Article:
The Court of Justice of the European Union (CJEU) has ruled that it is prohibited under EU law to require part-time workers to complete the same number of working hours as full-time workers in order to receive additional remuneration.1   

Thresholds for additional remuneration must be proportionate to working hours and cannot be the same for full- and part-time workers. 


Even if, under the national legislation of an EU member state, provision has been made for setting the same threshold for compensation for full-time workers and part-time workers, CJEU has now concluded that such practice is contrary to EU law.  Entitlement to additional remuneration must be proportionate to the worker’s working time.  This will more appropriately balance the proportional time required of full-time versus part-time workers in terms of when they are entitled to additional remuneration.

Employers should consider reviewing their policies for compensation for overtime and updating them so that the thresholds for additional remuneration are properly adjusted to account for working time (part-time or full-time work).     

More Details on the Case

The case concerns a pilot who works part-time for a German airline.  His contract stipulates, among other things, that he can receive additional remuneration if, in one month, he performs a certain number of flight duty hours and exceeds the thresholds laid down in that regard in his contract.

These trigger thresholds are identical for full-time and part-time pilots.

CJEU concluded that identical trigger thresholds for additional remuneration represent a longer flight-hour duty than the full-time pilots compared to their total working time.  The part-time pilots have a greater burden to bear and will satisfy the conditions for entitlement to additional remuneration much more rarely than their full-time colleagues, according to the CJEU.

This practice puts part-time pilots in a less advantageous position, which is contrary to EU law, unless there are objective grounds for such different treatment of part-time pilots


It should be noted that it takes a lot to meet the conditions for “objective grounds” that allow differential treatment between workers and in most case such conditions will not be met. 

Employers should revisit their policies for compensation of part-time and full-time workers to assess whether the policies they have in place breach EU law and that they are accordingly revised to take account of part-time and full-time working status.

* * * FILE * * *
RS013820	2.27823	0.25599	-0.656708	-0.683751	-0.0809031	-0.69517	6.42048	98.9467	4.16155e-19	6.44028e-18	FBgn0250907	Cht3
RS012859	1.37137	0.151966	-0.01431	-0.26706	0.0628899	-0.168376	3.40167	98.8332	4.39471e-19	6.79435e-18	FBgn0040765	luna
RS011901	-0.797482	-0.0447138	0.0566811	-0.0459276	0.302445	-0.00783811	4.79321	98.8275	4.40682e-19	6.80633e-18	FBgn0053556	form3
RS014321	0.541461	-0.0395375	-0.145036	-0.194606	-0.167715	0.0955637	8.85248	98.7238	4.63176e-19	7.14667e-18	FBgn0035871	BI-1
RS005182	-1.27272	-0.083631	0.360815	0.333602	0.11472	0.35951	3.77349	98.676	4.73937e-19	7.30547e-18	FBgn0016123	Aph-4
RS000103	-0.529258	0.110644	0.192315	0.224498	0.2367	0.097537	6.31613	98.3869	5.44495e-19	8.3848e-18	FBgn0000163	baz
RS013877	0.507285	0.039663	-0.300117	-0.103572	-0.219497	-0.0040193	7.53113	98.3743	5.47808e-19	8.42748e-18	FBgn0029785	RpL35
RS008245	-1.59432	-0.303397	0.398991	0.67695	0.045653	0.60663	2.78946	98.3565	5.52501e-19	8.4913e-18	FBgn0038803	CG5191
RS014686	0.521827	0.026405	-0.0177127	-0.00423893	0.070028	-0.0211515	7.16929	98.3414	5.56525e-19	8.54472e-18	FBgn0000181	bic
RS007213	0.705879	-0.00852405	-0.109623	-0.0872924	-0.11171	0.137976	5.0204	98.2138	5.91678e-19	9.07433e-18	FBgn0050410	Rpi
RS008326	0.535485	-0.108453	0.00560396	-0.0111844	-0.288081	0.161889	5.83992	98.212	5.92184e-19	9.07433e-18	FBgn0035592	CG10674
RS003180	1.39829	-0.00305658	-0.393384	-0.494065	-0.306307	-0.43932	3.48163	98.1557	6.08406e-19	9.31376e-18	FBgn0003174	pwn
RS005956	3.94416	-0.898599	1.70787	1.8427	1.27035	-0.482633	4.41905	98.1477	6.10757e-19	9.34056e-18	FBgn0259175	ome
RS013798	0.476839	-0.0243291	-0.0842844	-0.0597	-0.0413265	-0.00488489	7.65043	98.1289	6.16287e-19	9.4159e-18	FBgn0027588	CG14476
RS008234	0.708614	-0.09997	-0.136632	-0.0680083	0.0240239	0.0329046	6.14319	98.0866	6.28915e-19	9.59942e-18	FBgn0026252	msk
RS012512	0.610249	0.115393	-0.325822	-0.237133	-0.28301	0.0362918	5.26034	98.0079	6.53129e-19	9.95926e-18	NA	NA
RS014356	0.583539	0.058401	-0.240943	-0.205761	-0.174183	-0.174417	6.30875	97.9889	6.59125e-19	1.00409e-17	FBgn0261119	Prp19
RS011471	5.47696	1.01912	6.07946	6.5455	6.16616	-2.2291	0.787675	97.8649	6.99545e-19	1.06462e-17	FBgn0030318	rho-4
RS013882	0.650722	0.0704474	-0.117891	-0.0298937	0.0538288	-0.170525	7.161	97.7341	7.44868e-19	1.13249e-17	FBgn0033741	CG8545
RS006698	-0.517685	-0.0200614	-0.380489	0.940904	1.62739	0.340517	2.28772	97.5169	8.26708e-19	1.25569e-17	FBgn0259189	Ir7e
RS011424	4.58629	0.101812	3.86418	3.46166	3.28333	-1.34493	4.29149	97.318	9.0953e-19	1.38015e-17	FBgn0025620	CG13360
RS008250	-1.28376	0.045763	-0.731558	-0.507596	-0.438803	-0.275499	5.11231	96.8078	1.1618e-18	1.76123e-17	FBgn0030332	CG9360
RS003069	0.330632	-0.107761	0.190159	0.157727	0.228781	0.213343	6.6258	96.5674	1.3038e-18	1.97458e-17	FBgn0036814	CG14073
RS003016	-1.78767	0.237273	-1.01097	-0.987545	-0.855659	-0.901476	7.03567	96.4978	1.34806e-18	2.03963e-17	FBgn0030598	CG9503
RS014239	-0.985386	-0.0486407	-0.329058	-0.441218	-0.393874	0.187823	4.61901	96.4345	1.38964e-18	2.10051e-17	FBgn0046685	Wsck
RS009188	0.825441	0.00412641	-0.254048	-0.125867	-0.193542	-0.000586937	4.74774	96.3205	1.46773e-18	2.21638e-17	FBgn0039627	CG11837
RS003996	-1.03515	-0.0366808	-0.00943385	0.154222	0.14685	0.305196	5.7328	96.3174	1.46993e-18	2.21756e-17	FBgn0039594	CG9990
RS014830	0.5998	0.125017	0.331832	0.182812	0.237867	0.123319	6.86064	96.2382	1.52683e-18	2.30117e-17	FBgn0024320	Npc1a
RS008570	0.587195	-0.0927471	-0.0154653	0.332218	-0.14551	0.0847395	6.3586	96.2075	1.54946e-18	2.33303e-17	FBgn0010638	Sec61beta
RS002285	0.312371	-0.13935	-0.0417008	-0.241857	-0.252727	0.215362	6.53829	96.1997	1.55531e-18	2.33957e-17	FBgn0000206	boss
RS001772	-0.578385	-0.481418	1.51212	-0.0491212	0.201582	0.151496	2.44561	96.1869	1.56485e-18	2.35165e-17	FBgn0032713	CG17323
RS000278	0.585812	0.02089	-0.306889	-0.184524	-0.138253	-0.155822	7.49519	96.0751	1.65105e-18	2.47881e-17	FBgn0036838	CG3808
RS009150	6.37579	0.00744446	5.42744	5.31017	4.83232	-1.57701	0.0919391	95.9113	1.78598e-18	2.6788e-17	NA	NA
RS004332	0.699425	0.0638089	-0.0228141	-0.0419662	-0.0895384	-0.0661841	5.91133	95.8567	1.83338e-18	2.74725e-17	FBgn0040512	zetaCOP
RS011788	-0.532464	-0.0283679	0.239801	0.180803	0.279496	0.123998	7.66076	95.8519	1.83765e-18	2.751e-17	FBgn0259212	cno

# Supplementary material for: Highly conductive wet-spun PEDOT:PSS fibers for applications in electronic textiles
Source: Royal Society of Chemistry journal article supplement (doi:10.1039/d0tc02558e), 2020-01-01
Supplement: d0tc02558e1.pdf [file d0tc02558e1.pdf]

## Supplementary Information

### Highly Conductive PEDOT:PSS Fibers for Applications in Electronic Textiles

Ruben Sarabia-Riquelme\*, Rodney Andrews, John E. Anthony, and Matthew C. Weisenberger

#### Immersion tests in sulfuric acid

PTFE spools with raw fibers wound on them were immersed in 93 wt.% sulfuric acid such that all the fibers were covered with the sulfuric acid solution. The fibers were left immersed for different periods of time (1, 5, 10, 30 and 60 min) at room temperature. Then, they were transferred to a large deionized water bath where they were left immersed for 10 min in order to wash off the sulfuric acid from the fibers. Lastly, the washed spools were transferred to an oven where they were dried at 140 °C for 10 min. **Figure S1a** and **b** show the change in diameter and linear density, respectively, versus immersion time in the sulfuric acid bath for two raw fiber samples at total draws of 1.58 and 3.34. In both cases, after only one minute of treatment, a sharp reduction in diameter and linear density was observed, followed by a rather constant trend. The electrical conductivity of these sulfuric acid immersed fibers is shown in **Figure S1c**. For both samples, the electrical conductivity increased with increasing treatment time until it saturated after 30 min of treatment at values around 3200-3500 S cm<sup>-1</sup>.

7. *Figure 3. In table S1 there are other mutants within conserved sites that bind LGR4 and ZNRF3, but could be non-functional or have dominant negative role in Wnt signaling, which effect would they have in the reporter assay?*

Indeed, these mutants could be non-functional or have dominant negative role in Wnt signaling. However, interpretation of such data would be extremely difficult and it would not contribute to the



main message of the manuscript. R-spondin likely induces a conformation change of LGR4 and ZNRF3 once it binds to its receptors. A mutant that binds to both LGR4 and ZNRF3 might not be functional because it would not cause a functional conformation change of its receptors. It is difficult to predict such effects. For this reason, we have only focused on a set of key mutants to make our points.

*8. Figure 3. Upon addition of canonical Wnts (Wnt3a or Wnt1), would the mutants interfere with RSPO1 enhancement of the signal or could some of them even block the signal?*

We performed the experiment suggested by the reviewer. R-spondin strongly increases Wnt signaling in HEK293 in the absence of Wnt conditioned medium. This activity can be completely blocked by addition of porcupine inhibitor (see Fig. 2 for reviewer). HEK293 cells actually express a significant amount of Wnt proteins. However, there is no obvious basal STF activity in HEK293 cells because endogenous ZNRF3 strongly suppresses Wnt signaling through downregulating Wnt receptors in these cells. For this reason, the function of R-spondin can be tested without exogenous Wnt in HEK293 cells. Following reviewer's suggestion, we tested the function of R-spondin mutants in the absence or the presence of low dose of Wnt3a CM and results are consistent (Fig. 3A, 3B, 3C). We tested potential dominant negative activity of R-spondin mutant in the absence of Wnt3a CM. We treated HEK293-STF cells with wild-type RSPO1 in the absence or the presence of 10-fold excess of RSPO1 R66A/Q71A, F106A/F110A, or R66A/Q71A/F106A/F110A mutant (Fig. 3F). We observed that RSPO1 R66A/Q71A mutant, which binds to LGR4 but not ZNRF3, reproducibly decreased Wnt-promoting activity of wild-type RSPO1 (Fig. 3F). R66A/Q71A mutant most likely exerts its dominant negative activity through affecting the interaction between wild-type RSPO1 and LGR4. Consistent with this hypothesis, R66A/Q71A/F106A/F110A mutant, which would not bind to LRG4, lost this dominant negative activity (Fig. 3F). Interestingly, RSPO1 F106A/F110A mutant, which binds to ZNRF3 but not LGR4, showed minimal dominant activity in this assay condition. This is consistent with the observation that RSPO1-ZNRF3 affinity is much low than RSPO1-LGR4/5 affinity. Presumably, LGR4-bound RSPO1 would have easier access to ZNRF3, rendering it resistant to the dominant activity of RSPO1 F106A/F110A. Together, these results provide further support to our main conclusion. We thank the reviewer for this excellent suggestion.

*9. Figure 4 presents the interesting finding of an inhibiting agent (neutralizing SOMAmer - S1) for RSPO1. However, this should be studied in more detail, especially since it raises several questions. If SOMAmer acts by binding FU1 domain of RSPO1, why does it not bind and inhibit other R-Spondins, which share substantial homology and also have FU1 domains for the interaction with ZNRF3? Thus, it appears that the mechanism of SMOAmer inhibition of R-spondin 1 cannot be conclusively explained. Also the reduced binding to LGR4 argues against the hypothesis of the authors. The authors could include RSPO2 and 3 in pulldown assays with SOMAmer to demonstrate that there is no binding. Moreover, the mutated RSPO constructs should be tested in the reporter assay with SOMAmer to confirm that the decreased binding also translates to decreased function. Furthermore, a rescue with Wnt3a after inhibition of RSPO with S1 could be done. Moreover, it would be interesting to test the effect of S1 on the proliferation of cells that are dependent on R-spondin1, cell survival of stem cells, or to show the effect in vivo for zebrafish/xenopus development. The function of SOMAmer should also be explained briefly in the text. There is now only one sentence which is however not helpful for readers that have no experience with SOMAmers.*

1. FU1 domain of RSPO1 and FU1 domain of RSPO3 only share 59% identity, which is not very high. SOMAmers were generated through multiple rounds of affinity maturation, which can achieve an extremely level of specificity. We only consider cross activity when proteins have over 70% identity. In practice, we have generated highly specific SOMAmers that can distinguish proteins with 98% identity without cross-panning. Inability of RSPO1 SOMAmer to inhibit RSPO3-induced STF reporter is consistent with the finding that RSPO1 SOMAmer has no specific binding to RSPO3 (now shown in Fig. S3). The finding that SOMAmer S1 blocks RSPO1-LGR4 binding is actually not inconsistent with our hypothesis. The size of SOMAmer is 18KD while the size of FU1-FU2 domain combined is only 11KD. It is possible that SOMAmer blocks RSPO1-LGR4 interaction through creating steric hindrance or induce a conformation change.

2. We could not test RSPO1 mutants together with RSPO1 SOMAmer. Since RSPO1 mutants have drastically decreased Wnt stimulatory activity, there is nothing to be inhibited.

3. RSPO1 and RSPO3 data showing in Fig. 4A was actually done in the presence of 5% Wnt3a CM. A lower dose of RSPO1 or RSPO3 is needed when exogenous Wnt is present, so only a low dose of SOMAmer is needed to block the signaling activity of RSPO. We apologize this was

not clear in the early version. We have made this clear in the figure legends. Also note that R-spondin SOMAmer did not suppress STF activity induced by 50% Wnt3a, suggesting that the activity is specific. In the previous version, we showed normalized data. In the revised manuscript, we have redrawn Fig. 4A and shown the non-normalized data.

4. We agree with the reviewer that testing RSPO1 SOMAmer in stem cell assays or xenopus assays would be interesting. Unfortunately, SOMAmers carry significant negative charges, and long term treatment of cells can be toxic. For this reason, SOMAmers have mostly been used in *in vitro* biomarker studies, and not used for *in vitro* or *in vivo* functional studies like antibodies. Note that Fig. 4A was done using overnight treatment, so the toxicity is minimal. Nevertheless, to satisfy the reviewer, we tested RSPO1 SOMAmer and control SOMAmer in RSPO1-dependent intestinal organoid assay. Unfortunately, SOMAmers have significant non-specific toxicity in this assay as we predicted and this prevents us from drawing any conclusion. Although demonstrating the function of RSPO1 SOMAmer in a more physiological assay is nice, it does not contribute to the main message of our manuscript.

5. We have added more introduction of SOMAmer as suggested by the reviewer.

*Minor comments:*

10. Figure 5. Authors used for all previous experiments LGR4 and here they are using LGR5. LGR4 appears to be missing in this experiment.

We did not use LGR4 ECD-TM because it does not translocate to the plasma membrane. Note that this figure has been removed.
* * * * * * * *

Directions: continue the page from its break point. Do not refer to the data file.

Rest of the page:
1  CJEU, Press Release No 158/23 (Luxembourg, 19 October 2023), Judgment of the Court in Case C-660/20 | Lufthansa CityLine.  

* Please note the KPMG International member firm in the United States does not provide immigration or labour law services. However, KPMG Law LLP in Canada can assist clients with U.S. immigration matters.


The information contained in this newsletter was submitted by the KPMG International member firm in the Netherlands.


Connect with us

Stay up to date with what matters to you

Gain access to personalized content based on your interests by signing up today


GMS Flash Alert is a Global Mobility Services publication of the KPMG LLP Washington National Tax practice. The KPMG name and logo are trademarks used under license by the independent member firms of the KPMG global organization. KPMG International Limited is a private English company limited by guarantee and does not provide services to clients. No member firm has any authority to obligate or bind KPMG International or any other member firm vis-à-vis third parties, nor does KPMG International have any such authority to obligate or bind any member firm. The information contained herein is of a general nature and is not intended to address the circumstances of any particular individual or entity. Although we endeavor to provide accurate and timely information, there can be no guarantee that such information is accurate as of the date it is received or that it will continue to be accurate in the future. No one should act on such information without appropriate professional advice after a thorough examination of the particular situation.

© 2024 KPMG N.V., a Dutch limited liability company and member of the worldwide KPMG organization of independent companies affiliated to KPMG International Limited, a UK limited by guarantee company. All rights reserved.